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Ethnicity, child health and paediatric services
  1. Zeshan Qureshi1,
  2. Alexandra Richards2,
  3. Camilla C Kingdon3,
  4. Ian Sinha4,5,
  5. Oluwakemi Lokulo-Sodipe6,
  6. Anna M Rose6
  1. 1 Wolfson College, University of Cambridge, Cambridge, UK
  2. 2 Cardiff University School of Medicine, Cardiff, UK
  3. 3 Neonatology, Evelina London Children's Hospital, London, UK
  4. 4 Respiratory Unit, Alder Hey Children's NHS Foundation Trust, Liverpool, UK
  5. 5 Division of Child Health, University of Liverpool, Liverpool, UK
  6. 6 Paediatrics, John Radcliffe Hospital, Oxford, UK
  1. Correspondence to Dr Zeshan Qureshi, Wolfson College, University of Cambridge, Cambridge CB3 9BB, UK; zq228{at}

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Paediatricians have a moral obligation to promote the health and well-being of all children. To achieve this, unmet health needs of minoritised ethnic groups must be addressed. Language for describing disadvantaged ethnic groups is evolving. The term ‘minoritised’ is useful in this context, acknowledging active processes at play and that this can occur to majority groups.1 In this article, we describe the role of paediatricians in addressing ethnic health disparities.

Health disparities

Infant mortality rate (IMR) is a key indicator of health inequity. In 2019, the IMR in England and Wales was 2.6 times higher in Black Caribbean children compared with white British children. Disparities were also apparent for Bangladeshi, Indian, Pakistani, Black African and mixed-race children.2 Similarly, there are ethnic inequalities for stillbirth and neonatal mortality rates in the UK. Globally, in a review of 415 ethnic groups in 36 low-income and middle-income countries (LAMICs), 25 countries had significant ethnic differences in under-5 mortality rates.3 Minoritised ethnic groups also have a higher morbidity in common paediatric conditions like asthma, diabetes and obesity. This is a small sample of emerging data highlighting the association between minoritised ethnic groups and adverse health outcomes. Three common explanations are: (a) genetic predisposition and biological factors; (b) confounding by socioeconomic factors; and (c) utilisation and quality of care differences.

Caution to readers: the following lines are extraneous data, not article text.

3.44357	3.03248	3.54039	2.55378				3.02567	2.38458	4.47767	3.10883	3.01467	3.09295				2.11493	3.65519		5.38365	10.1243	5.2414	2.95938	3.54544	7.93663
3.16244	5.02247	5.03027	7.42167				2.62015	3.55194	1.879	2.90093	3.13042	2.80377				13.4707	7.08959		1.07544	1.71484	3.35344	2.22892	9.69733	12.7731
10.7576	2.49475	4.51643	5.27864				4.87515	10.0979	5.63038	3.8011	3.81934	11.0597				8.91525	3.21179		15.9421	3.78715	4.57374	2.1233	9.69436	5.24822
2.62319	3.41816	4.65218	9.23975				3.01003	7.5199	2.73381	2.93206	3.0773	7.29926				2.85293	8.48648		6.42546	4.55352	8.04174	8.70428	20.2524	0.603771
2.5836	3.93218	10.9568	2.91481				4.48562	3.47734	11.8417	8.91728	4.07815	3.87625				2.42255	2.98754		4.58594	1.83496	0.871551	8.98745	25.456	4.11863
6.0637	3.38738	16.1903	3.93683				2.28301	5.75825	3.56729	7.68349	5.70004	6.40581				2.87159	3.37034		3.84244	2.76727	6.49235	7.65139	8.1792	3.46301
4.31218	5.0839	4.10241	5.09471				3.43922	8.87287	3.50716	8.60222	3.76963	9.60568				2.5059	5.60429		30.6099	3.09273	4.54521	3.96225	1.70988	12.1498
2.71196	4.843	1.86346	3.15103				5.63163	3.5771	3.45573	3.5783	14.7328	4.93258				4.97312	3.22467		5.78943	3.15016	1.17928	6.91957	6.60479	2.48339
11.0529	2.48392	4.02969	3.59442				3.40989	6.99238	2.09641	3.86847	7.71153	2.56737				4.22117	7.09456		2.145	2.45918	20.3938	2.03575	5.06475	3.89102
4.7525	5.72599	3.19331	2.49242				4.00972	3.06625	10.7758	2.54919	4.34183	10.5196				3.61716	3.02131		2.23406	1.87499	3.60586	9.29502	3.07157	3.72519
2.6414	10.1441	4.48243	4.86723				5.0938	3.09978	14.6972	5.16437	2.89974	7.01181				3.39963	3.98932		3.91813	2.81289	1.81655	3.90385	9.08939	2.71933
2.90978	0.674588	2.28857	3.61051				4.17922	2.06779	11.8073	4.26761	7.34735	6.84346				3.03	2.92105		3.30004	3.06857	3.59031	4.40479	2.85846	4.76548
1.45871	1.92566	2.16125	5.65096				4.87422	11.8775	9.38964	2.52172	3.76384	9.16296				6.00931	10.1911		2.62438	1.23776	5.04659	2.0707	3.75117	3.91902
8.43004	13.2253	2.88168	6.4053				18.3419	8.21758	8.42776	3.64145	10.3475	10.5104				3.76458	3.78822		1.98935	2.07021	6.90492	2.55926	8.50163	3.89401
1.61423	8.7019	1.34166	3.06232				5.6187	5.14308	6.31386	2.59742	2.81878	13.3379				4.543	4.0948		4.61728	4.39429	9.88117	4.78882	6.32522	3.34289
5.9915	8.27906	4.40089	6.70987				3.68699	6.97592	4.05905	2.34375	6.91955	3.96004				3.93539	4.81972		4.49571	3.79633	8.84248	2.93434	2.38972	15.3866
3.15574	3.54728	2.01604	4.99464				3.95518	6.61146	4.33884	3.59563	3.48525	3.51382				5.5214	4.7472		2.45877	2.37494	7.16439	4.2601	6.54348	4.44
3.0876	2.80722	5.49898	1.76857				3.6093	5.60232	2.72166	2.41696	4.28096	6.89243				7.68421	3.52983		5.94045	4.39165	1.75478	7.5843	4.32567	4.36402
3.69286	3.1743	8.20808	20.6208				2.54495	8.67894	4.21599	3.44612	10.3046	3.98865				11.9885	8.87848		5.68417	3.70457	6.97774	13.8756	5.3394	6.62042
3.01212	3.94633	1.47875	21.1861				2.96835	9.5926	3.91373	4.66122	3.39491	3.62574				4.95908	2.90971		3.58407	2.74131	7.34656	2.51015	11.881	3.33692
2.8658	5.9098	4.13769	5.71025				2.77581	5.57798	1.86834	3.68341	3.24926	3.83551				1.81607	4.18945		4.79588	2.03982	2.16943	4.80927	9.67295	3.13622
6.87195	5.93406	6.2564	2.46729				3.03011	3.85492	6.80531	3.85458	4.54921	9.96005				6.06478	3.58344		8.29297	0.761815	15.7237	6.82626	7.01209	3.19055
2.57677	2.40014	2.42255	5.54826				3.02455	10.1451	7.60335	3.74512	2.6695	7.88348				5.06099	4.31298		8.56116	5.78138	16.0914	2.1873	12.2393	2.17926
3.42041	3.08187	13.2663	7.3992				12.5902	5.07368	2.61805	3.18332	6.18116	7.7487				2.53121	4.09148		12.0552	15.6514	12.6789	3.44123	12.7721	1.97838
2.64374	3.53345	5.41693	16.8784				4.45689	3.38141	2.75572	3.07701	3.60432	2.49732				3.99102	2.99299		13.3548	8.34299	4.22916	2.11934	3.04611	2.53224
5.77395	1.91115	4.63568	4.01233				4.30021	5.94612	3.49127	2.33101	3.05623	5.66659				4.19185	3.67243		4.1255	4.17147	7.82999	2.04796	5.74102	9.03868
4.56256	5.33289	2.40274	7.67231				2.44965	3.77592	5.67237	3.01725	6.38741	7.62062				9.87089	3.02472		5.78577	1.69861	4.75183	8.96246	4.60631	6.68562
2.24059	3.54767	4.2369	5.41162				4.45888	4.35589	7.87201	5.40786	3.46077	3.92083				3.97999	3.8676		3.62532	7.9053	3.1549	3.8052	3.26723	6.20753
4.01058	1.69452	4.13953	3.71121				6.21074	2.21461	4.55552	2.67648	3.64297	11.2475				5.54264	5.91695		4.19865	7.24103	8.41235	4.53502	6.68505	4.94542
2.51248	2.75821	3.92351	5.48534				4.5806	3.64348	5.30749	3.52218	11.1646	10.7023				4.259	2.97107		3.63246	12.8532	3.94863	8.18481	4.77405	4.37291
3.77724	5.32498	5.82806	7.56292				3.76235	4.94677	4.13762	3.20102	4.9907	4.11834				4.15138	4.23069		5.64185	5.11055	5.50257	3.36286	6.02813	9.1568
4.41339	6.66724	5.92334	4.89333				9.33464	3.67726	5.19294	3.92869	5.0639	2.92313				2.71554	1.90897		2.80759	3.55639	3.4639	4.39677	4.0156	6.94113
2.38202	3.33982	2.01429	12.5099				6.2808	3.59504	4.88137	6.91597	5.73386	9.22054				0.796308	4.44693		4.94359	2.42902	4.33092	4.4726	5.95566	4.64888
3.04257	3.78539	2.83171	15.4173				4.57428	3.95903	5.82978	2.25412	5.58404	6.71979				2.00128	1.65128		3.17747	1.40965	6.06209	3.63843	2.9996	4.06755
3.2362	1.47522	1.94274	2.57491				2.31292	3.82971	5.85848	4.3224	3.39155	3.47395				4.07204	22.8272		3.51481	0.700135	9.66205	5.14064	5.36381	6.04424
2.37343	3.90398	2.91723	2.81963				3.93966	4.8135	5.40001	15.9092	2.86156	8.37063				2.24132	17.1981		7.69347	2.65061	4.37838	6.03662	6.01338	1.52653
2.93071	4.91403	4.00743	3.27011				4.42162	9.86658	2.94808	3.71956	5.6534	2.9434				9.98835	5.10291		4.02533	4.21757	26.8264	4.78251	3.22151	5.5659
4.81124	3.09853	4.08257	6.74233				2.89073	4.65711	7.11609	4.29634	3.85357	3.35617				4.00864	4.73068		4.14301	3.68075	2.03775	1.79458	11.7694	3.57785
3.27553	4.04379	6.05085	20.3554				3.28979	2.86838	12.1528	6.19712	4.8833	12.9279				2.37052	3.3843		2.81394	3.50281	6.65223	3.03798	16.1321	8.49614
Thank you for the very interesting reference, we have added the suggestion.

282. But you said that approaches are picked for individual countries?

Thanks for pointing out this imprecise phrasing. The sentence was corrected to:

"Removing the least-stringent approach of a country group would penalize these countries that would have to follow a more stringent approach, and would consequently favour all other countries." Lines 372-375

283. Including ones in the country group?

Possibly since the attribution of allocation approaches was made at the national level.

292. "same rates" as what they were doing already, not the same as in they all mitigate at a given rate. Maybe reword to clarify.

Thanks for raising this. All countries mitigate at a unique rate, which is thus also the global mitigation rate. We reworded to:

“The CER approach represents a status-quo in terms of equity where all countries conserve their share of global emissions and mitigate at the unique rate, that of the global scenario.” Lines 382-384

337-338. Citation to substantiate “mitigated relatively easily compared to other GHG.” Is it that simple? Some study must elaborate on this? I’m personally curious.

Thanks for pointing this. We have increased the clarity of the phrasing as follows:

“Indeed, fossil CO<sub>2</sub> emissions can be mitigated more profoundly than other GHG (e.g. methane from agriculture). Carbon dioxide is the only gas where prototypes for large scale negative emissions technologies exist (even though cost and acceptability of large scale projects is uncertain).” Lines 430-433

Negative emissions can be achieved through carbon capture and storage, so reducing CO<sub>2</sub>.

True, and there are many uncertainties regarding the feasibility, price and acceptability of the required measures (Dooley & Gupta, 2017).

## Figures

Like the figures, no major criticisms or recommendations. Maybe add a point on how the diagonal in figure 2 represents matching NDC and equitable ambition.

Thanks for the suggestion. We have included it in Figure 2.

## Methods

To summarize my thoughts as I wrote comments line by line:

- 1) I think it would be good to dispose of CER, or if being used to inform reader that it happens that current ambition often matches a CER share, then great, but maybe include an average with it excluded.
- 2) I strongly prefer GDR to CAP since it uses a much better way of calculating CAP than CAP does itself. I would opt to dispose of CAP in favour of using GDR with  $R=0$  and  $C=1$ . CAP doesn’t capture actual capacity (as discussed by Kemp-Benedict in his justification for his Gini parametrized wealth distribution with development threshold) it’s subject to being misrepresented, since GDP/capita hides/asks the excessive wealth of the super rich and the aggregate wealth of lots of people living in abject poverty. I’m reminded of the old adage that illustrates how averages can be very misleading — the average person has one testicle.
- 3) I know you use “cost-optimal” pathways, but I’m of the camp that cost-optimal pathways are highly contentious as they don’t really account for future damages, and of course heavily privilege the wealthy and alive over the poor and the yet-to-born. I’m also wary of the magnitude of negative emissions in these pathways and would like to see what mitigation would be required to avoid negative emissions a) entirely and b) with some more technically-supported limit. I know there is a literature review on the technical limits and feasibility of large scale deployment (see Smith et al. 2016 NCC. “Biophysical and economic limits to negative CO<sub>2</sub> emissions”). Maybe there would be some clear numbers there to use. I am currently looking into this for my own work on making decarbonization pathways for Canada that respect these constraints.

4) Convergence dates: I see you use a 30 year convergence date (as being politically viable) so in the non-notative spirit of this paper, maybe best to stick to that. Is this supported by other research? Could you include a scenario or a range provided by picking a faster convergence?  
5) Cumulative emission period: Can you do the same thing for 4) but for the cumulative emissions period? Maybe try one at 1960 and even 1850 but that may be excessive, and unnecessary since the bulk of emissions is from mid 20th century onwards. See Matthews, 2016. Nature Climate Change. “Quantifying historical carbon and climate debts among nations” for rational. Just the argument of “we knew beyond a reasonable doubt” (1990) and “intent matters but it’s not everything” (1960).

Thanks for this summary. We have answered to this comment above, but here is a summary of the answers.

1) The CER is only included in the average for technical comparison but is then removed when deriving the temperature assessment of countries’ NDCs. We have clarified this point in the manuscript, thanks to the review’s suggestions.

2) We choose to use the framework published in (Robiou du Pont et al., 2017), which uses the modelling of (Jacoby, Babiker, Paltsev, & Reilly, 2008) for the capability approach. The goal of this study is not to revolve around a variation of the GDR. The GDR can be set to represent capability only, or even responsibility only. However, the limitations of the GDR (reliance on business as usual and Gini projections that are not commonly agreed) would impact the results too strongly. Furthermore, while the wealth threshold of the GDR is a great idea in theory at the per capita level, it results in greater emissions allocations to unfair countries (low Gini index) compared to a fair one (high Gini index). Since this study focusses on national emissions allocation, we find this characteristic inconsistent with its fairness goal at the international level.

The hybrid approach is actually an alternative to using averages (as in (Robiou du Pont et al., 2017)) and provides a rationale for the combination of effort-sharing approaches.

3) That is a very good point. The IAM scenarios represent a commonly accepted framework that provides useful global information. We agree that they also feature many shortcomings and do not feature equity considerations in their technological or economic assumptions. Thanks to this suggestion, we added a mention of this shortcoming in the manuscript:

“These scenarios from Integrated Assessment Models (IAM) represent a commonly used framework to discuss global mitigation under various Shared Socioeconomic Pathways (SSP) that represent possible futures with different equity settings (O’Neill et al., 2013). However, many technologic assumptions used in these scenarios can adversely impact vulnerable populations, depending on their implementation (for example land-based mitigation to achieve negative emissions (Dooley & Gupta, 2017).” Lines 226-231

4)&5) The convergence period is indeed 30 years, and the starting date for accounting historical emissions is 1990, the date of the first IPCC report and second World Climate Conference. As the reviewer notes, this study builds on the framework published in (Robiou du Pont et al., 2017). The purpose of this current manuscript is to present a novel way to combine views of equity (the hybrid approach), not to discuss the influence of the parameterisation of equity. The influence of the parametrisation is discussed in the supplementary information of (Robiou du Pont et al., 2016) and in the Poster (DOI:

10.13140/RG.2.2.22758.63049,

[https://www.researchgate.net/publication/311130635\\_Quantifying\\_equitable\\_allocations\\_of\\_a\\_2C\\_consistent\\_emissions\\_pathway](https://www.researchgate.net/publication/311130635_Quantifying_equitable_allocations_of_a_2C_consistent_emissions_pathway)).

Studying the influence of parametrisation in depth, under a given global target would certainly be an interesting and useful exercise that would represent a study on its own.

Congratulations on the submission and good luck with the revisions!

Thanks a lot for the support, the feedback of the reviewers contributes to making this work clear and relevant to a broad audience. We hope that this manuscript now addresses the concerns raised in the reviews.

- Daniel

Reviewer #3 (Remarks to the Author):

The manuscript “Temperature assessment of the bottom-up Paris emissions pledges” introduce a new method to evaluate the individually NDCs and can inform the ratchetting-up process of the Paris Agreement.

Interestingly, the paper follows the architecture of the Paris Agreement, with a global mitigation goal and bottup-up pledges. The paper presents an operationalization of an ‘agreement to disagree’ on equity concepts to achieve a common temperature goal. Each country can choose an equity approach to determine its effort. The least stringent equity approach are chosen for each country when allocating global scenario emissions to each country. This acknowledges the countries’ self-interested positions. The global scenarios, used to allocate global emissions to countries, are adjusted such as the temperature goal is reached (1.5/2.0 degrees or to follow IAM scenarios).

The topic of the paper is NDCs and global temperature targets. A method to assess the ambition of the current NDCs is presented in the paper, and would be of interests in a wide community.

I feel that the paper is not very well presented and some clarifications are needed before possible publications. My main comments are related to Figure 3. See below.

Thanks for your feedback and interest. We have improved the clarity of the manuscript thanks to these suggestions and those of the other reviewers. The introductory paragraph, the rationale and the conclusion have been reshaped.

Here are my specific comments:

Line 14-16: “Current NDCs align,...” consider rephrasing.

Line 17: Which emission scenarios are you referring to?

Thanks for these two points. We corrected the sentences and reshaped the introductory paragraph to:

Causes of ethnic health discrepancies

Historically, racial categories have been considered discrete and fixed, based largely on geography and skin colour. However, genomic medicine has highlighted the complexity of human variation. Genetic clustering of traits is not …

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  • Twitter @drzeshanqureshi, @CamillaKingdon

  • Funding The authors have not declared a specific grant for this research from any funding agency in the public, commercial or not-for-profit sectors.

  • Competing interests ZQ is a member of the RCPCH EDI committee. CK is the president of the RCPCH.

  • Provenance and peer review Commissioned; externally peer reviewed.